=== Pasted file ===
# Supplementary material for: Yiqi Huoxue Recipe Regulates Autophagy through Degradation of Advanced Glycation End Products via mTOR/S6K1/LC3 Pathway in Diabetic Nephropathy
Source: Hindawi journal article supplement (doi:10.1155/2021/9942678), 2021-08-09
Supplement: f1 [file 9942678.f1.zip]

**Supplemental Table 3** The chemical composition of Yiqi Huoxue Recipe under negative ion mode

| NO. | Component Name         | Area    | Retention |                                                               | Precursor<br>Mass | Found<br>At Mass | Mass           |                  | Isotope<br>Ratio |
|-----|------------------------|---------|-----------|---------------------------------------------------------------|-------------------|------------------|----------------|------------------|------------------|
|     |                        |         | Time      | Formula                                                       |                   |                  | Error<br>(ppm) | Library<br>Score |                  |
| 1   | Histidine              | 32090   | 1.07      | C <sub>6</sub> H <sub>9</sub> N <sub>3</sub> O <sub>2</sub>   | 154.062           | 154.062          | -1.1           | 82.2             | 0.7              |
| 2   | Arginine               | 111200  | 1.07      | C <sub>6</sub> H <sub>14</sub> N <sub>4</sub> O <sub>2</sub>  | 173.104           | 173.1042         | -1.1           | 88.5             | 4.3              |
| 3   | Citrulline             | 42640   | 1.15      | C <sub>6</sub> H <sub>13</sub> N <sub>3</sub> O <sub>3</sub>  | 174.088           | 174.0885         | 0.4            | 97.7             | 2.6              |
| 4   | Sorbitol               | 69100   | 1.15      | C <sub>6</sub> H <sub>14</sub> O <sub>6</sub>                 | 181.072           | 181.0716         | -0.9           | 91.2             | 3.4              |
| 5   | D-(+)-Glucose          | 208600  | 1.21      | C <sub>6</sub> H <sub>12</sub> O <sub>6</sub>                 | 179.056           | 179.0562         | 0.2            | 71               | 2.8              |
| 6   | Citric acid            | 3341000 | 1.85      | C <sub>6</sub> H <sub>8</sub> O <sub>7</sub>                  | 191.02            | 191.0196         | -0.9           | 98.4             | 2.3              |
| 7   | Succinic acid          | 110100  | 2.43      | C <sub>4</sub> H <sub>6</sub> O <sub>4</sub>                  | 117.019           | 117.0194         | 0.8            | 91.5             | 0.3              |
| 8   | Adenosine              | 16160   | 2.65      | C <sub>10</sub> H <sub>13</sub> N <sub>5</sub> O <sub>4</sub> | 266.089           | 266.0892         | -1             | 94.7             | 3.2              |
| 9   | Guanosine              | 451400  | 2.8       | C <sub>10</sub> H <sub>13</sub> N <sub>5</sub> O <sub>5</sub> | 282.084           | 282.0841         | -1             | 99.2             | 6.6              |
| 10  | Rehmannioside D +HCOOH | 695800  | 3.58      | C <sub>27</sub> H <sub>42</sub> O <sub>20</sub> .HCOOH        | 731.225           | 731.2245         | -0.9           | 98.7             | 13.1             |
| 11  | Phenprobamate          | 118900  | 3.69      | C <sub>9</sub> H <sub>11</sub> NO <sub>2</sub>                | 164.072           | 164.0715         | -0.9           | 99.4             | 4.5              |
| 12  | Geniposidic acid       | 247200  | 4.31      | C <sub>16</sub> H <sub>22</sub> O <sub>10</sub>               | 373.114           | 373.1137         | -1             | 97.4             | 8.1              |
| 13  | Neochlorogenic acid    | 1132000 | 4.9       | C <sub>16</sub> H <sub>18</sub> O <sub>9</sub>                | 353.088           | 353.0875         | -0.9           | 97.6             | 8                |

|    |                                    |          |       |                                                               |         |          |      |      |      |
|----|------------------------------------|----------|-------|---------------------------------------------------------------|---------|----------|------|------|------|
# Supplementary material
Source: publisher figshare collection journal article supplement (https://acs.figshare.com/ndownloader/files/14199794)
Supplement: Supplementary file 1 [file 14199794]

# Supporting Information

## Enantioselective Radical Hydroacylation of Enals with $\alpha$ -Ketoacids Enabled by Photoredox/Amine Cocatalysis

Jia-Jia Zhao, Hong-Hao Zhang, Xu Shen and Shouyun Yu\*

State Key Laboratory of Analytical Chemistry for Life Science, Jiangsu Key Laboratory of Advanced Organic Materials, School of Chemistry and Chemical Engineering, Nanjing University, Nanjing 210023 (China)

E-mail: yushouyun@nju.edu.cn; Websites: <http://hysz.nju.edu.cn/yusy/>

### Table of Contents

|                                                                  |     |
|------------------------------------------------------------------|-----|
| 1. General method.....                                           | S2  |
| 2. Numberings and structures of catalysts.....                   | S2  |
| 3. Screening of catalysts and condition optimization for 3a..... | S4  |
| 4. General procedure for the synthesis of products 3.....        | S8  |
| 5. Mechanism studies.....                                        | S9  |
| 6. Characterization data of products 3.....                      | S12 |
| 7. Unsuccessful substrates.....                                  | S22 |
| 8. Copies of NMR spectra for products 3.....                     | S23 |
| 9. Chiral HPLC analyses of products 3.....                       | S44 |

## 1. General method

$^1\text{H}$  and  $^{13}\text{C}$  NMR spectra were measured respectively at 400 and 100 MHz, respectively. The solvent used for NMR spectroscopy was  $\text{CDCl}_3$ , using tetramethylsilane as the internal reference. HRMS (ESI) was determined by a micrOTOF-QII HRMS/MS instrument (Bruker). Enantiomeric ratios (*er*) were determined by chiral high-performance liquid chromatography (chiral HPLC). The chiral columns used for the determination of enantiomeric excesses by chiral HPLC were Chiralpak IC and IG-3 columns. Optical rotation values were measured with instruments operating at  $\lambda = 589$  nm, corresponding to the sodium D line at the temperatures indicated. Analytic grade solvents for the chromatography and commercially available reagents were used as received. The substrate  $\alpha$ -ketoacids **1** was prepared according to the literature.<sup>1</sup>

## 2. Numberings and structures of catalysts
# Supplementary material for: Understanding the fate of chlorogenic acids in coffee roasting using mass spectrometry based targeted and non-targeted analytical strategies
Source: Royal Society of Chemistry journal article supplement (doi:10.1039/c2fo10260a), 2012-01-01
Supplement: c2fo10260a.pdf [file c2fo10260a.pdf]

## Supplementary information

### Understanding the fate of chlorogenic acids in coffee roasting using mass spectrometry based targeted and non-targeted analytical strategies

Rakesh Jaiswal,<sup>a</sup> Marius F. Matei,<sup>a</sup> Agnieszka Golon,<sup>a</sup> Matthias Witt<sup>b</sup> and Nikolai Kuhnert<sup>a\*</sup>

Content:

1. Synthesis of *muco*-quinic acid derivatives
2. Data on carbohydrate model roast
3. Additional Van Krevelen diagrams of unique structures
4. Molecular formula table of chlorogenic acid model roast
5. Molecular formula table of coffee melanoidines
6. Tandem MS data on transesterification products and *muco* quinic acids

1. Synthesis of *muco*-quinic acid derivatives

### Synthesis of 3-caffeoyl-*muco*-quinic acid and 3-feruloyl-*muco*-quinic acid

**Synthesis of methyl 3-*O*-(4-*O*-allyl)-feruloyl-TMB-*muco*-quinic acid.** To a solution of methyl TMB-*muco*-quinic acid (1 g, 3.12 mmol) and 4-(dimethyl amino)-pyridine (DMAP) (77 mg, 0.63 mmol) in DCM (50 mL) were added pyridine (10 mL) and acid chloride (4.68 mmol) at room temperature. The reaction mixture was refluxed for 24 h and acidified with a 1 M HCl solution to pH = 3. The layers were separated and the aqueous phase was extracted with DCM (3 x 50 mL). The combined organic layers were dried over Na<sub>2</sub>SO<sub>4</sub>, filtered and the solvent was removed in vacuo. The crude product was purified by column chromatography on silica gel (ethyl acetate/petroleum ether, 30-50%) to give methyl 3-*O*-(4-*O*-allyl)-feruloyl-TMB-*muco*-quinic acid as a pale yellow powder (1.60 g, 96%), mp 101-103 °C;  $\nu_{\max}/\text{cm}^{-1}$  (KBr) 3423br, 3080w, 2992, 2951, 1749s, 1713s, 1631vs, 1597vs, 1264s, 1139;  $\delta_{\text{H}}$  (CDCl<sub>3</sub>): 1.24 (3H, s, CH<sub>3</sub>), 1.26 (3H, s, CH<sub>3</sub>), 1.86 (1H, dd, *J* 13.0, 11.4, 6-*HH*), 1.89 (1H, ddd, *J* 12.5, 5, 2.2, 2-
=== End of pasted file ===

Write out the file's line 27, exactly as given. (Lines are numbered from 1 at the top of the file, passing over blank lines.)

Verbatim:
## Enantioselective Radical Hydroacylation of Enals with $\alpha$ -Ketoacids Enabled by Photoredox/Amine Cocatalysis